Soon, however, behind the scenes, Fleming has deduced that the message is actually a kind of ‘do-it-yourself kit’ for constructing a super-computer. Under military control the project is transferred to a rocket base at Thorness, which houses the country’s most advanced computer hardware. But Fleming from the beginning is sceptical and suspicious. The senders may not know specifically of our existence: ‘They know there are bound to be other intelligences in the universe. It just happens to be us’. But the senders must have their own hidden purpose; the message may be ‘an intellectual fifth column from another world’.

With the computer built, an ingenious alien communication protocol takes over, with ‘the first move in a long, long game of questions and answers’. The machine makes guesses as to the chemical basis of our form of life, beginning with descriptions of hydrogen and carbon atoms and going on to protein forms. Eventually instructions are given for fabricating a human embryo – which grows quickly into a young woman, called ‘Andromeda’. But Fleming continues to insist this is not a human being but ‘an alien creature that looks like one’.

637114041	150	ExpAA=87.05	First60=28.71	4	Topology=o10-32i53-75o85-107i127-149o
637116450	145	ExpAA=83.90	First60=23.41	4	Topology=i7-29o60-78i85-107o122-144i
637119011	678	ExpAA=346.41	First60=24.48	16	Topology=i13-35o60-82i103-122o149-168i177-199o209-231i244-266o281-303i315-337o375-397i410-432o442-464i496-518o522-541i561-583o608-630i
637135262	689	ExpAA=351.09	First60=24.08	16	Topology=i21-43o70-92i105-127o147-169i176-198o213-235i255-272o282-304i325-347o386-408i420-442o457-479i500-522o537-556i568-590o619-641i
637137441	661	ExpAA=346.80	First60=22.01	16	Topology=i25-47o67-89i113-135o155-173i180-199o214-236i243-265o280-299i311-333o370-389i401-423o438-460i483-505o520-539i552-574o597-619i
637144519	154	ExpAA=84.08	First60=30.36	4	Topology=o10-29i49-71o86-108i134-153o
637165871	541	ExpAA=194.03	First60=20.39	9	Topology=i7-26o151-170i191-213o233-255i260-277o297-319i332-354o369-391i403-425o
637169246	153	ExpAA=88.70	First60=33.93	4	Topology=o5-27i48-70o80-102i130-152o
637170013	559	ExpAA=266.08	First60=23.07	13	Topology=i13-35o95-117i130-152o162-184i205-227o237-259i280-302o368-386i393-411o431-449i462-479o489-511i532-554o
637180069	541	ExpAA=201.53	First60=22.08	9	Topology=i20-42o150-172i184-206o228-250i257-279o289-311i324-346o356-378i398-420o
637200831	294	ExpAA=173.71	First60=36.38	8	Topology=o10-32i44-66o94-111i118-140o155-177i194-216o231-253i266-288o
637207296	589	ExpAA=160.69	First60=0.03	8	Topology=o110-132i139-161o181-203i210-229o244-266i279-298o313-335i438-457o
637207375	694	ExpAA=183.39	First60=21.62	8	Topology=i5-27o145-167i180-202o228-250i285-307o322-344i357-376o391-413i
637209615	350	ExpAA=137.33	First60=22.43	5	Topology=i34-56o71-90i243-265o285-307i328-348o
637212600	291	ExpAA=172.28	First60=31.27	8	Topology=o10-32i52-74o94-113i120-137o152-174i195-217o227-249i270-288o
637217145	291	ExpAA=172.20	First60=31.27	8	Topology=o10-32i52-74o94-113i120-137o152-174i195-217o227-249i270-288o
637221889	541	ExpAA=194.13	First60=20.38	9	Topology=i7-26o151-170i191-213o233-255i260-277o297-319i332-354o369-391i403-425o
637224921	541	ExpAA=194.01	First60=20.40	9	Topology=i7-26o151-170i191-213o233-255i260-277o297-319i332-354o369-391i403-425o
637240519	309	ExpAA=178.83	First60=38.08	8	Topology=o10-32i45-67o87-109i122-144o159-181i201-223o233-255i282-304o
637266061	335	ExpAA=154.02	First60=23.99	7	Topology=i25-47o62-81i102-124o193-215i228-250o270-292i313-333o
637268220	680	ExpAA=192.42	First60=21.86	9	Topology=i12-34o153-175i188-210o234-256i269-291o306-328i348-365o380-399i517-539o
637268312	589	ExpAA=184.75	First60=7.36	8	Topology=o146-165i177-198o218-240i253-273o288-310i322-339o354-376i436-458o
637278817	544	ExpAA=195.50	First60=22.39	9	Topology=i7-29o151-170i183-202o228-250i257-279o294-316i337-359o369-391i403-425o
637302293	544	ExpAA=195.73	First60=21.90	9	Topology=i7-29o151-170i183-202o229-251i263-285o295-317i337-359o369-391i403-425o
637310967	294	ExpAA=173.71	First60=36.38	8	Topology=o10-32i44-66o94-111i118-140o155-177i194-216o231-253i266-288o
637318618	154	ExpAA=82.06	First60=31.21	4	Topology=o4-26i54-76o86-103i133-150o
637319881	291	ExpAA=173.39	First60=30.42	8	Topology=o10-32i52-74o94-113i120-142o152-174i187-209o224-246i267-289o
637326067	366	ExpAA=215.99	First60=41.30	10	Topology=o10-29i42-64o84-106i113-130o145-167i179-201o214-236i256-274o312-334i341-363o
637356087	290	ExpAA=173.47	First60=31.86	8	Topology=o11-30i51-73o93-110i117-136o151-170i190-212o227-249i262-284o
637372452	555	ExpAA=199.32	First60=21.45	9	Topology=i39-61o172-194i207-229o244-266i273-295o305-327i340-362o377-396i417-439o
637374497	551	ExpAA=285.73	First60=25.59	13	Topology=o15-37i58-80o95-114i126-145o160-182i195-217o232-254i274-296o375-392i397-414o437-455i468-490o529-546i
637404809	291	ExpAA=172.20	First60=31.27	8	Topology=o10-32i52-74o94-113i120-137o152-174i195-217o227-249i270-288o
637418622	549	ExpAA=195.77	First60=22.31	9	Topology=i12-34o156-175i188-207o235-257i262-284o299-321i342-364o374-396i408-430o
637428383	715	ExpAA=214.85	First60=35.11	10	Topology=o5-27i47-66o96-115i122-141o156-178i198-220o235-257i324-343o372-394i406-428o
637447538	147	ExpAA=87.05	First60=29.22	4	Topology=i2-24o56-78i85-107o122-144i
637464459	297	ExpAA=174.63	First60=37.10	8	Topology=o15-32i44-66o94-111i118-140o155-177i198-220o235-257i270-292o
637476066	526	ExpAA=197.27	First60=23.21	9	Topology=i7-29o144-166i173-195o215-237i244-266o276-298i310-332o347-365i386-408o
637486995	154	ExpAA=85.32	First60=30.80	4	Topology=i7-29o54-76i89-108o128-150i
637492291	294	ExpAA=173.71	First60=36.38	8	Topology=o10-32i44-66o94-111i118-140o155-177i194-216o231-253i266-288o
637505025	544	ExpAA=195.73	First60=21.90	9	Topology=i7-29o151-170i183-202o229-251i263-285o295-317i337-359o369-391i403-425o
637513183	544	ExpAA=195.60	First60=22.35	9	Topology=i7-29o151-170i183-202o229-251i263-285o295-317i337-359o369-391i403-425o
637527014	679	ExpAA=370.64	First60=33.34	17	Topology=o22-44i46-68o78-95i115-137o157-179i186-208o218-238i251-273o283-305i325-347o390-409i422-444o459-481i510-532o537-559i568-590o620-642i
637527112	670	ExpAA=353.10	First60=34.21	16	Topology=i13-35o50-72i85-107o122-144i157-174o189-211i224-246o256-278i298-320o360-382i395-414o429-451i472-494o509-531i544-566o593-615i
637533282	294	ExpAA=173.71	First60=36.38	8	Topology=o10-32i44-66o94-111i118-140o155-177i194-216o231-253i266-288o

Now, with easier input through Andromeda, apparent benefits flow from the computer, beginning with a design for an anti-satellite missile – crucial for Britain in a world of an escalating Cold War. But Fleming recognises that the machine is completely in control of the contact event, and the technological goodies are mere bait: ‘A year ago that machine had no power outside its own building . . . Now it has the whole country dependent on it’. The machine becomes more controlling, even homicidal. Fleming manages at last to disrupt the system by appealing to Andromeda’s biology: ‘You’re three parts human being’. He smashes the machine, destroys the records of the original message, and escapes with Andromeda.

In the sequel, Andromeda Breakthrough (1964), the sending civilisation’s true purpose becomes more apparent. An oil-rich country called Azaran has acquired a copy of the message, and has built a version of the alien computer to pursue their own technical goals – to make the desert country arable, to acquire military prowess. Now Azaran seeks to acquire Fleming and Andromeda. But in the background, around the world, adverse weather events are occurring: ‘abnormally heavy rain was prevalent throughout the Northern hemisphere . . .’